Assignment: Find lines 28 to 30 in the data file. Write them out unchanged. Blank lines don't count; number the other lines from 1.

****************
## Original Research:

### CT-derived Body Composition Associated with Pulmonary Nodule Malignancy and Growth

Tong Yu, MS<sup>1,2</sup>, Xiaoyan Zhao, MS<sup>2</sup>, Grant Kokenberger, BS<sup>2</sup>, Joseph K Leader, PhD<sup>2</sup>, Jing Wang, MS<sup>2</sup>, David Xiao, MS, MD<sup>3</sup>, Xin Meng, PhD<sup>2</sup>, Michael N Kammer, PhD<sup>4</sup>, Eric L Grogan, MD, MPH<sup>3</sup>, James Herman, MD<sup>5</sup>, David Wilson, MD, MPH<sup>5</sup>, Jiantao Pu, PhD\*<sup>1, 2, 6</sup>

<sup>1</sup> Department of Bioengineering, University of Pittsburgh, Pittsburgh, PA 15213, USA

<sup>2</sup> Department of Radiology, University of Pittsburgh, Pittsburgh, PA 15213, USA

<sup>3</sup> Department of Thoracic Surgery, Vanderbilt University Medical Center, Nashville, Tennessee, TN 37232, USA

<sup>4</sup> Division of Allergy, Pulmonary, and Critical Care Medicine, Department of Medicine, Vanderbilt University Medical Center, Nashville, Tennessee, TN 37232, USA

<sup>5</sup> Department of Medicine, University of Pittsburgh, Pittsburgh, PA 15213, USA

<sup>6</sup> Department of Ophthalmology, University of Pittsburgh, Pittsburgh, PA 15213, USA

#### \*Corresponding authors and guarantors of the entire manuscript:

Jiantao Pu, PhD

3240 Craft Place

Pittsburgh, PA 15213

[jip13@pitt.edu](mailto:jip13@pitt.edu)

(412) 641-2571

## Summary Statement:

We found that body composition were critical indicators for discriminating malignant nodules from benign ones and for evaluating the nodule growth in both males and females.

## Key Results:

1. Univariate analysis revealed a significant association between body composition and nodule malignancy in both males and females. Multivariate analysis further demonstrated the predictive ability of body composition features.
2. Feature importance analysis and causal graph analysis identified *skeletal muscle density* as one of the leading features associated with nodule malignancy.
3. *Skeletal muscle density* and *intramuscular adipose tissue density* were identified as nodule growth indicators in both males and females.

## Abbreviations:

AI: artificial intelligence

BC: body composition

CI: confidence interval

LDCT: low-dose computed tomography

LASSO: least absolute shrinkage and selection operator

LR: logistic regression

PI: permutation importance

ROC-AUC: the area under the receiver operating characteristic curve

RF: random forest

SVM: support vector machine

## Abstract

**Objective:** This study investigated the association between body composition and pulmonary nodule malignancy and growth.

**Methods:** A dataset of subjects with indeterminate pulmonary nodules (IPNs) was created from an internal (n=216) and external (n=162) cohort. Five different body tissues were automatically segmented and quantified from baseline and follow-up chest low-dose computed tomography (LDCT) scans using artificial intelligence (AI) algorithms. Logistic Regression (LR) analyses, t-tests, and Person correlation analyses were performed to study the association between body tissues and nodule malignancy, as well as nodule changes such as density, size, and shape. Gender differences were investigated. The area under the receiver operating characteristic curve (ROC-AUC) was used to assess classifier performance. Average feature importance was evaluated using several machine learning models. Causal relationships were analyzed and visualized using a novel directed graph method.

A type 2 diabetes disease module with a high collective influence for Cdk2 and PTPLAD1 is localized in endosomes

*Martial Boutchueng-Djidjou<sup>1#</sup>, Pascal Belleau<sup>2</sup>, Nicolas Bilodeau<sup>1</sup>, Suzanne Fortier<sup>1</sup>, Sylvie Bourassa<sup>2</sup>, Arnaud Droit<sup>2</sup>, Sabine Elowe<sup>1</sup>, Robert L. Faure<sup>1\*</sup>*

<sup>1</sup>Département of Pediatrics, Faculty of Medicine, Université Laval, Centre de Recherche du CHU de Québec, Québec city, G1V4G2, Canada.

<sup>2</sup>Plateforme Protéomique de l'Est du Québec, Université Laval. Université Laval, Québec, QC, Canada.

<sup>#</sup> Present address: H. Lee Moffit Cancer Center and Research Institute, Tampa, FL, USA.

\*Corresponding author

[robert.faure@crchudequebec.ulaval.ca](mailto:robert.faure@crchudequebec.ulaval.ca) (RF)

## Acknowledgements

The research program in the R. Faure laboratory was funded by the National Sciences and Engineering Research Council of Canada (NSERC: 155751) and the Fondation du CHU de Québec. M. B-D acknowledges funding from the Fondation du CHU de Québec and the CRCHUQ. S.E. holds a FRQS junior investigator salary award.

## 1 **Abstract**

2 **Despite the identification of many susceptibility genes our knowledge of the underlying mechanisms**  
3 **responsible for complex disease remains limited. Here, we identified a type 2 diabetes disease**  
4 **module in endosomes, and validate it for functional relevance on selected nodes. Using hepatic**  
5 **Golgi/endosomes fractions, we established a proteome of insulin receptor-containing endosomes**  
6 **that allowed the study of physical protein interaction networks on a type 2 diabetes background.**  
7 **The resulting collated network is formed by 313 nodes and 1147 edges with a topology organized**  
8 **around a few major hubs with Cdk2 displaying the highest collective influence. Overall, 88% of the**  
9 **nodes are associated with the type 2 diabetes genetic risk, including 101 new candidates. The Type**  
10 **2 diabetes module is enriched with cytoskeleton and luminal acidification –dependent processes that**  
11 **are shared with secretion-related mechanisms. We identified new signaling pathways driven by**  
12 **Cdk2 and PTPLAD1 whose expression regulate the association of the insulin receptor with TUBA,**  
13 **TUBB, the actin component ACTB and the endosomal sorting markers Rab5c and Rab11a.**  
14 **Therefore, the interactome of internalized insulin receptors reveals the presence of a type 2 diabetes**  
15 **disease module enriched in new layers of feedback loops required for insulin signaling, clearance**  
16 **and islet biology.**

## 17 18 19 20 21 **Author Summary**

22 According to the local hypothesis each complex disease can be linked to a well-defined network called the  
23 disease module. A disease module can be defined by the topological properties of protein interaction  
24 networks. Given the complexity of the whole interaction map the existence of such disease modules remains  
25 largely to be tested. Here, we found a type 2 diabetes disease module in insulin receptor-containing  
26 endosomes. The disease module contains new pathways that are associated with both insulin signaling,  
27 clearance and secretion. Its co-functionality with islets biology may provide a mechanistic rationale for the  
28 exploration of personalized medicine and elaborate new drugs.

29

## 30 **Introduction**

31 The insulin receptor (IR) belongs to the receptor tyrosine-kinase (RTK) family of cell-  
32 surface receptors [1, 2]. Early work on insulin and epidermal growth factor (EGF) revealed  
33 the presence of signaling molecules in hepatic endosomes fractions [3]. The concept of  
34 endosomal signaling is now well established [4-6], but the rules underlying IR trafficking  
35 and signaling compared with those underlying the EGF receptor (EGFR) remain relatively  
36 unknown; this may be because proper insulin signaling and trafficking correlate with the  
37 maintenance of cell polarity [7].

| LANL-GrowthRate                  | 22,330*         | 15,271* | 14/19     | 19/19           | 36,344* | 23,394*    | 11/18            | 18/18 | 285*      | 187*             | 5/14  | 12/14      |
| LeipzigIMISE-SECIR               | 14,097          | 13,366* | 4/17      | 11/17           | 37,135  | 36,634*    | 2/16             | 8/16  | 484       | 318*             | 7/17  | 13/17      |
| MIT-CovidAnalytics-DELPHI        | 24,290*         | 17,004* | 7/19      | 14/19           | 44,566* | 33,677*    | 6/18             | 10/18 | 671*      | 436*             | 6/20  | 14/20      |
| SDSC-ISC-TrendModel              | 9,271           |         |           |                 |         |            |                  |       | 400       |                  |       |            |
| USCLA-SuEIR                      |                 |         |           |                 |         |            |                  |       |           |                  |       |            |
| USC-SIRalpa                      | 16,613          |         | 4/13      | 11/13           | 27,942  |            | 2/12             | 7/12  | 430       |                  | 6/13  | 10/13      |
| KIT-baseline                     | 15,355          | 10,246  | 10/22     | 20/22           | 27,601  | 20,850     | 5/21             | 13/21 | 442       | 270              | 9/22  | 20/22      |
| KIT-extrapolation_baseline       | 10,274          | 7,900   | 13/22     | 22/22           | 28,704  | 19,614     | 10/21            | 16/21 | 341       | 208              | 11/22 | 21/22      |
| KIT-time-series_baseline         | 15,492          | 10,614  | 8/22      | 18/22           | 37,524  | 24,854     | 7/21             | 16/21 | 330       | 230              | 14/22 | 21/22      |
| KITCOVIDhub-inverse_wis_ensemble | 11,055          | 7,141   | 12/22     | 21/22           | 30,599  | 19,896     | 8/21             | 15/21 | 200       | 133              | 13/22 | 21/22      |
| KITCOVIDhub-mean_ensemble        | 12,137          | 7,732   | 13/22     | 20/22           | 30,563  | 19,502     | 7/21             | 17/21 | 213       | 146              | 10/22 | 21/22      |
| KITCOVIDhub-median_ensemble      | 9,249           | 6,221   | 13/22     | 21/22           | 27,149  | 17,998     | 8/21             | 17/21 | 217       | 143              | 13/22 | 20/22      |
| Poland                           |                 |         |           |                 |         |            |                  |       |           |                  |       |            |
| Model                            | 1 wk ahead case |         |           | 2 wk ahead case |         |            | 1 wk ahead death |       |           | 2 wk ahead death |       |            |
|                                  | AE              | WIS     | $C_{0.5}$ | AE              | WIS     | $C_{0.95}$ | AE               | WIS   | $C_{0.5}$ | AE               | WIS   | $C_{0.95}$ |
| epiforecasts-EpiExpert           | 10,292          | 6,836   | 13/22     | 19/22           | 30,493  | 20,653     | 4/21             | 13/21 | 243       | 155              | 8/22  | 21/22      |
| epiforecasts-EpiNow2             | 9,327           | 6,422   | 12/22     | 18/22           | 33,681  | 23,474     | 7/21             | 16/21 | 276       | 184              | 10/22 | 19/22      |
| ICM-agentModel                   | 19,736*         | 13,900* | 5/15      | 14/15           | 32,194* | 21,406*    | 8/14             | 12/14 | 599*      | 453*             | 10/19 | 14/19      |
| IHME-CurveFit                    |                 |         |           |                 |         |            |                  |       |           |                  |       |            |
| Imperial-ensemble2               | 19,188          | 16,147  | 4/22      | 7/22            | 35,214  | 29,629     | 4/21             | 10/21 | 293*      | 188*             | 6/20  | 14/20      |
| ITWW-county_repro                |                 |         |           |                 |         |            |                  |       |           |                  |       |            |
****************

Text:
LR: logistic regression

PI: permutation importance

ROC-AUC: the area under the receiver operating characteristic curve